Public Act 250 (Senate Bill 273)

  •  The Public Health Code has now been amended to include that all prescribers must provide patients who have experienced an overdose with information on substance use disorder services.
  • This bill will increase prevention methods by informing patients of services right after being treated for overdose. These services are meant to reduce the consequences of substance use disorders by preventing or at least by delaying the progression of substance use disorder.

  • Prevention methods will focus on the individual, support resilience and recovery, prevent any mental/behavioral disorders, and reinforce treatment to prevent relapse.

  • Information of identifiable recovery-oriented services, such as early intervention and crisis intervention, referral services, and treatment services will be given to any current or former patients with substance use disorder.

The bottom line: If you overdose, getting you treatment options will be a priority. As we know it should be, overdose can be a catalyst for recovery when options are available.

Public Act 251 (Senate Bill 274)

  • Limits the amount of opioids that can be prescribed for acute pain. It also allows prescribers to partially fill prescriptions in increments.

  • If a patient has acute pain (pain that usually lasts for a limited amount of time), a prescriber can only prescribe an opioid for a maximum of 7 days.

  • Public Act 252 (Senate Bill 47): MAPS must be used to monitor the dispensing of any controlled substances by prescribers.

The bottom line: For acute pain, patients can only receive 7 days of opioids.

Public Act 253 (House Bill 4403) 

Allows treatment options for Medicaid beneficiaries who are suffering from substance use disorder. Treatment options now include:

  • inpatient care,
  • clinical stabilization services,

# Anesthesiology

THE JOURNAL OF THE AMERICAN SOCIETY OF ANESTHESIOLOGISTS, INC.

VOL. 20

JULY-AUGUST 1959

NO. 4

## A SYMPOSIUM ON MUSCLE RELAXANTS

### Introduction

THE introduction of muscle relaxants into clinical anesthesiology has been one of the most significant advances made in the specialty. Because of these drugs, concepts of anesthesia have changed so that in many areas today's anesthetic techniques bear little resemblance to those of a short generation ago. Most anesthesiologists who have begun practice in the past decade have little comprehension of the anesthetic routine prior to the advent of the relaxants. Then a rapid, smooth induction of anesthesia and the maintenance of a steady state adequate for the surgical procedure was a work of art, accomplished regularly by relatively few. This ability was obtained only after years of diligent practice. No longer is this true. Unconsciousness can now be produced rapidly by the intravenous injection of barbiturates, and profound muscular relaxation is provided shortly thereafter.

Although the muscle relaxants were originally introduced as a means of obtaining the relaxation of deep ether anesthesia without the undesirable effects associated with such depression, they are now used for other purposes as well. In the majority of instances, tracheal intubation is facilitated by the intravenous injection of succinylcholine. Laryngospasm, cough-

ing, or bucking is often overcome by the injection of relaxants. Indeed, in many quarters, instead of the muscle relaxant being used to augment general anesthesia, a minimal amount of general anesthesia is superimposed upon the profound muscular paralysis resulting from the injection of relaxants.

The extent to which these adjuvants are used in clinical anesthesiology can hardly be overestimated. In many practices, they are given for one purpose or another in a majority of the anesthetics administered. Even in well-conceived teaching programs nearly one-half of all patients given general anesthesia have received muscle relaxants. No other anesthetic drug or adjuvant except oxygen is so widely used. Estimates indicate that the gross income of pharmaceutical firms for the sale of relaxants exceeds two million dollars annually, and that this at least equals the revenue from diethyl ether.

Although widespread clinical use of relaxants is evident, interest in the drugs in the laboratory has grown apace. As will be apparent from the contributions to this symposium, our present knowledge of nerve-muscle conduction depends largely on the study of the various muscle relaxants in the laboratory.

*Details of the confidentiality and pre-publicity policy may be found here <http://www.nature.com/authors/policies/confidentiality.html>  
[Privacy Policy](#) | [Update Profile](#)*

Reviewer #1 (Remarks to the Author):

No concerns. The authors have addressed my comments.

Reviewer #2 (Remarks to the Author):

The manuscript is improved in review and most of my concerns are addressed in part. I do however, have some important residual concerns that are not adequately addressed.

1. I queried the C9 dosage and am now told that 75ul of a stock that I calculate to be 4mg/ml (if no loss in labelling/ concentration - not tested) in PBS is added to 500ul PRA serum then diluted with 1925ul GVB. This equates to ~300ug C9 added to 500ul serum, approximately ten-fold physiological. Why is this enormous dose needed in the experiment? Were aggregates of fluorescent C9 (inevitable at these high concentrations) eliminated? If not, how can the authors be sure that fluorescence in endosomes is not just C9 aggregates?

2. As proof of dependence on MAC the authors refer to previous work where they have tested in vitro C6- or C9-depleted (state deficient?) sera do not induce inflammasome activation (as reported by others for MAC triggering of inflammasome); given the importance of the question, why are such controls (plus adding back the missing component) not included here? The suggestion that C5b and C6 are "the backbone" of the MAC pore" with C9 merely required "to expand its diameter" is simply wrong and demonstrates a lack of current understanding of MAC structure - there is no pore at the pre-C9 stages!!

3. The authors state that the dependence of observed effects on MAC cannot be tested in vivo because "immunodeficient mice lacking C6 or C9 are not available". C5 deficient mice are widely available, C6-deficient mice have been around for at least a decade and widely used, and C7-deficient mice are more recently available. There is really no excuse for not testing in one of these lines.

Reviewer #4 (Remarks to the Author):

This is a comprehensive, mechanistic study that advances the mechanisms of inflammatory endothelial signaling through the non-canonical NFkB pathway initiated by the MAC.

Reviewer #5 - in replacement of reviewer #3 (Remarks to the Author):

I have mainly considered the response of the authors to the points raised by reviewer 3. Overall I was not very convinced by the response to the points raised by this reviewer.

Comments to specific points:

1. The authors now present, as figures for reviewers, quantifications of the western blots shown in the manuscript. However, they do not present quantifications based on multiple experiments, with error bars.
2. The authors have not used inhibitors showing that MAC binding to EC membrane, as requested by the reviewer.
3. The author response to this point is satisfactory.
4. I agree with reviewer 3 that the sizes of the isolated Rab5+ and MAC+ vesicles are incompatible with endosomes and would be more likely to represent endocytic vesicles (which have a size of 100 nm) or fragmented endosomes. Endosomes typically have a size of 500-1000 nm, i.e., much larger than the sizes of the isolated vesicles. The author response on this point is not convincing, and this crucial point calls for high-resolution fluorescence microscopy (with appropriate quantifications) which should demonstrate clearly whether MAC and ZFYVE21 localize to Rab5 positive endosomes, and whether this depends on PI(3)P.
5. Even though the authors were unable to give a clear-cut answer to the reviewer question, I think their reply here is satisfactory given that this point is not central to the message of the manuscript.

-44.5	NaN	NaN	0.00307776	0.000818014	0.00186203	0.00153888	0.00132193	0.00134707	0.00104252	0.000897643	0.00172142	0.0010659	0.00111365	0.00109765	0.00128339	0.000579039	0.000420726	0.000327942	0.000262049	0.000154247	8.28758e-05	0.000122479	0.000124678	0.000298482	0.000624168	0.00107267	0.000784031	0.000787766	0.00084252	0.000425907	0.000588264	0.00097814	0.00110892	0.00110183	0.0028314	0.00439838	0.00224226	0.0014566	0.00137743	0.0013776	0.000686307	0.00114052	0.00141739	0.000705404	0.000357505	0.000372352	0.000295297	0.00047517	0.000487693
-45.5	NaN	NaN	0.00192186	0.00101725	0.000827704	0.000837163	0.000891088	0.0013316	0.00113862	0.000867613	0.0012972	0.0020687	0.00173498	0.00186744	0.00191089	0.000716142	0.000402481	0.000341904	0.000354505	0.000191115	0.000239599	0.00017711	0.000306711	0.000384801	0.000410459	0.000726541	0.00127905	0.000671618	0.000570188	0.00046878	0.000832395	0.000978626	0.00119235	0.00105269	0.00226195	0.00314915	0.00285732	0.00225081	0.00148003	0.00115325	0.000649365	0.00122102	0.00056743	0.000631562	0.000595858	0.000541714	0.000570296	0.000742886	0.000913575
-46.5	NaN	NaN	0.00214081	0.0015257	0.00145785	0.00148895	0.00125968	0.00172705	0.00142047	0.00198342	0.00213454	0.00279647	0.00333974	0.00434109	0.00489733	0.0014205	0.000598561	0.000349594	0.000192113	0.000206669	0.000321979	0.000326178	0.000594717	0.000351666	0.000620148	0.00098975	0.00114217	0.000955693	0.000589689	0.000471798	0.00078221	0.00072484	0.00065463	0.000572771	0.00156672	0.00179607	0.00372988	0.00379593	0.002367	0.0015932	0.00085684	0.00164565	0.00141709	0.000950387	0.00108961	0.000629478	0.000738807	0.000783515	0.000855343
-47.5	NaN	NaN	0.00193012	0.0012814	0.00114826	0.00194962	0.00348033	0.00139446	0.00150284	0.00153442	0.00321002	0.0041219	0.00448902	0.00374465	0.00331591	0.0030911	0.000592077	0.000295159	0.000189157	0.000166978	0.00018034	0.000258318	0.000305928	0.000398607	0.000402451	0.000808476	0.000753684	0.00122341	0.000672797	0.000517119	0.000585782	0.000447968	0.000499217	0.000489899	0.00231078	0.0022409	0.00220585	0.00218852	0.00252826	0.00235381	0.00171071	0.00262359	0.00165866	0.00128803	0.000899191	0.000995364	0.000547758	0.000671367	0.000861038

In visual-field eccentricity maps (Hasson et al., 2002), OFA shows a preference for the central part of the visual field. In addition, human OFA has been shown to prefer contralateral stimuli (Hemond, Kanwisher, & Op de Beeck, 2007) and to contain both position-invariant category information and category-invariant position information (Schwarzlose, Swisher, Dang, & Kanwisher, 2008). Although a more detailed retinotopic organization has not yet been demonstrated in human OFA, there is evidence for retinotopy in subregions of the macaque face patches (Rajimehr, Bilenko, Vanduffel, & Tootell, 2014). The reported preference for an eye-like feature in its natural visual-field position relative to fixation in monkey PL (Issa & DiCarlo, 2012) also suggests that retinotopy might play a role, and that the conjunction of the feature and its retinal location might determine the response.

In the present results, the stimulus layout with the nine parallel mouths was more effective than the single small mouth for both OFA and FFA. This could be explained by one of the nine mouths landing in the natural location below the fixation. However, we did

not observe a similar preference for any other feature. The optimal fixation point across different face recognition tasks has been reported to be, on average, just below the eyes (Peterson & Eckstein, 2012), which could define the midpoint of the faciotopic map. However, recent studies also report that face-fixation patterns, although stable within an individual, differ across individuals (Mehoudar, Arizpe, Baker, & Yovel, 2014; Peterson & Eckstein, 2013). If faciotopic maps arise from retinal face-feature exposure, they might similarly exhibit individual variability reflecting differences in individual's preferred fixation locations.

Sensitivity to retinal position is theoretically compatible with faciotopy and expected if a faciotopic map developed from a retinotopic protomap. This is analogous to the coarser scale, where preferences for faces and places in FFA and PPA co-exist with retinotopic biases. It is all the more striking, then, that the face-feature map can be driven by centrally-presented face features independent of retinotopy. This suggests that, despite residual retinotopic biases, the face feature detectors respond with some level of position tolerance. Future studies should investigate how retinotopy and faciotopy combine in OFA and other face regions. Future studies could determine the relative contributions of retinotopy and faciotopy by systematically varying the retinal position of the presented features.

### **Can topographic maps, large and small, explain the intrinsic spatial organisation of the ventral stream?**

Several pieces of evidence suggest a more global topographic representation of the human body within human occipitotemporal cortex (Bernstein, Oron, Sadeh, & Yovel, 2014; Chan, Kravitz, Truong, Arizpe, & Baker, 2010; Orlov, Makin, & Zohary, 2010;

• and any medically necessary treatment services.

The bottom line: This bill finally allows people with Medicaid to find and pay for treatment of substance abuse.

 Public Act 254 (House Bill 4406)

The Prescription Drug and Opioid Abuse Commission will create recommendations for the Michigan Department of Education to teach students about addiction and substance abuse.

The bottom line: This bill acts as a prevention measure by allowing schools in Michigan to educate students about the dangers of opioid abuse.

Public Act 255 (House Bill 4407) 

Requires schools in Michigan to provide education on opioids and the risk of addiction in the curriculum for health education.

The bottom line: It is now required that schools include opioid and opioid addiction information in all health education classes.

The state of Michigan has taken several measures to decrease the prevalence of opioid addiction. These bills are meant to act not only as prevention methods, but also to increase both the patients and the public’s education on the dangers of opioids. By implementing these regulations, Michigan has taken one step forward in curbing the opioid epidemic. What do you think about the new laws? Tell us in the comments.


Ready to quit opioids? Workit Health can help.


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Manesy Ceja-Cevallos is an undergraduate student at the University of California, Berkeley studying Integrative Biology with a minor in English. She is excited to write using her English background for the Workit Health team. For Manesy, it is important that all individuals understand and have access to healthcare resources, and she is eager to help spread information that can ultimately help others.